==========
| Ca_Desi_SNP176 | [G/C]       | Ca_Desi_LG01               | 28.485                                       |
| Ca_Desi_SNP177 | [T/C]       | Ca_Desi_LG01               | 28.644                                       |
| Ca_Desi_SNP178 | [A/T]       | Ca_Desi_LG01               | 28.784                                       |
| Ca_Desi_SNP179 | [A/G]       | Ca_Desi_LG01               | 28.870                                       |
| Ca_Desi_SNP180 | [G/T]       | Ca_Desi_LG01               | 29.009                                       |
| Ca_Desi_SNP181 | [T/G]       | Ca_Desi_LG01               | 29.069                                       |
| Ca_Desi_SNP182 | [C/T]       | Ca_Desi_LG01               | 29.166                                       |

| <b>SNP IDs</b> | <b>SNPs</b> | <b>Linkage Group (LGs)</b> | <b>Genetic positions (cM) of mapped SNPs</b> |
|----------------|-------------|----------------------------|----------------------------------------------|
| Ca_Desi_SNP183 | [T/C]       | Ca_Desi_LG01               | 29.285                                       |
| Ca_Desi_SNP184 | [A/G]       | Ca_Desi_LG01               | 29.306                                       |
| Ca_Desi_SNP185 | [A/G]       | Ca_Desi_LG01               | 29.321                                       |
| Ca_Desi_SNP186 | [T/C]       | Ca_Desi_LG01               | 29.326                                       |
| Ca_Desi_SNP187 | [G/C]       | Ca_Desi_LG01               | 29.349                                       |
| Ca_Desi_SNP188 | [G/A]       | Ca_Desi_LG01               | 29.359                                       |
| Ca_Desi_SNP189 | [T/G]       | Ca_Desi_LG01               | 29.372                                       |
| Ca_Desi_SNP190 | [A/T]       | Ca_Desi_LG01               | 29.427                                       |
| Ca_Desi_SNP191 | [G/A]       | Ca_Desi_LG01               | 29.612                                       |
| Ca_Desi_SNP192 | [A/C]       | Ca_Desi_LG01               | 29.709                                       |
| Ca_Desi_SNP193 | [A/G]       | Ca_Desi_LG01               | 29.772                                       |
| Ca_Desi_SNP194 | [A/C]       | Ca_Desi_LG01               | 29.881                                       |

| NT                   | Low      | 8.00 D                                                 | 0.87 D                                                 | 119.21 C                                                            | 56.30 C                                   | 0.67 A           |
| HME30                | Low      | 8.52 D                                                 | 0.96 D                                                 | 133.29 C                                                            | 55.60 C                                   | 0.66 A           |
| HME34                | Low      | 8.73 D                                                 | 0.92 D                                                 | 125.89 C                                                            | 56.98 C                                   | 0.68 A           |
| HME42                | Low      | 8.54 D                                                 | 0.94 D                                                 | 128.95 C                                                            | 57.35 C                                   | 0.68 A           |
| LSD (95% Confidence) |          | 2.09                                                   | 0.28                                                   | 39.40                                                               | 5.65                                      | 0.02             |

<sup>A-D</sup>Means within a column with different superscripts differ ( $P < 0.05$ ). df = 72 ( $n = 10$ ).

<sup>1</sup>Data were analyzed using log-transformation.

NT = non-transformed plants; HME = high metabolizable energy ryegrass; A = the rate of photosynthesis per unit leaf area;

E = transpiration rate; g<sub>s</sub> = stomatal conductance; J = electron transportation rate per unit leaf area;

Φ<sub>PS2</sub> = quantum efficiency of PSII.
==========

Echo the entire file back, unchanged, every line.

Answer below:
| Ca_Desi_SNP176 | [G/C]       | Ca_Desi_LG01               | 28.485                                       |
| Ca_Desi_SNP177 | [T/C]       | Ca_Desi_LG01               | 28.644                                       |
| Ca_Desi_SNP178 | [A/T]       | Ca_Desi_LG01               | 28.784                                       |
| Ca_Desi_SNP179 | [A/G]       | Ca_Desi_LG01               | 28.870                                       |
| Ca_Desi_SNP180 | [G/T]       | Ca_Desi_LG01               | 29.009                                       |
| Ca_Desi_SNP181 | [T/G]       | Ca_Desi_LG01               | 29.069                                       |
| Ca_Desi_SNP182 | [C/T]       | Ca_Desi_LG01               | 29.166                                       |

| <b>SNP IDs</b> | <b>SNPs</b> | <b>Linkage Group (LGs)</b> | <b>Genetic positions (cM) of mapped SNPs</b> |
|----------------|-------------|----------------------------|----------------------------------------------|
| Ca_Desi_SNP183 | [T/C]       | Ca_Desi_LG01               | 29.285                                       |
| Ca_Desi_SNP184 | [A/G]       | Ca_Desi_LG01               | 29.306                                       |
| Ca_Desi_SNP185 | [A/G]       | Ca_Desi_LG01               | 29.321                                       |
| Ca_Desi_SNP186 | [T/C]       | Ca_Desi_LG01               | 29.326                                       |
| Ca_Desi_SNP187 | [G/C]       | Ca_Desi_LG01               | 29.349                                       |
| Ca_Desi_SNP188 | [G/A]       | Ca_Desi_LG01               | 29.359                                       |
| Ca_Desi_SNP189 | [T/G]       | Ca_Desi_LG01               | 29.372                                       |
| Ca_Desi_SNP190 | [A/T]       | Ca_Desi_LG01               | 29.427                                       |
| Ca_Desi_SNP191 | [G/A]       | Ca_Desi_LG01               | 29.612                                       |
| Ca_Desi_SNP192 | [A/C]       | Ca_Desi_LG01               | 29.709                                       |
| Ca_Desi_SNP193 | [A/G]       | Ca_Desi_LG01               | 29.772                                       |
| Ca_Desi_SNP194 | [A/C]       | Ca_Desi_LG01               | 29.881                                       |

| NT                   | Low      | 8.00 D                                                 | 0.87 D                                                 | 119.21 C                                                            | 56.30 C                                   | 0.67 A           |
| HME30                | Low      | 8.52 D                                                 | 0.96 D                                                 | 133.29 C                                                            | 55.60 C                                   | 0.66 A           |
| HME34                | Low      | 8.73 D                                                 | 0.92 D                                                 | 125.89 C                                                            | 56.98 C                                   | 0.68 A           |
| HME42                | Low      | 8.54 D                                                 | 0.94 D                                                 | 128.95 C                                                            | 57.35 C                                   | 0.68 A           |
| LSD (95% Confidence) |          | 2.09                                                   | 0.28                                                   | 39.40                                                               | 5.65                                      | 0.02             |

<sup>A-D</sup>Means within a column with different superscripts differ ( $P < 0.05$ ). df = 72 ( $n = 10$ ).

<sup>1</sup>Data were analyzed using log-transformation.

NT = non-transformed plants; HME = high metabolizable energy ryegrass; A = the rate of photosynthesis per unit leaf area;

E = transpiration rate; g<sub>s</sub> = stomatal conductance; J = electron transportation rate per unit leaf area;

Φ<sub>PS2</sub> = quantum efficiency of PSII.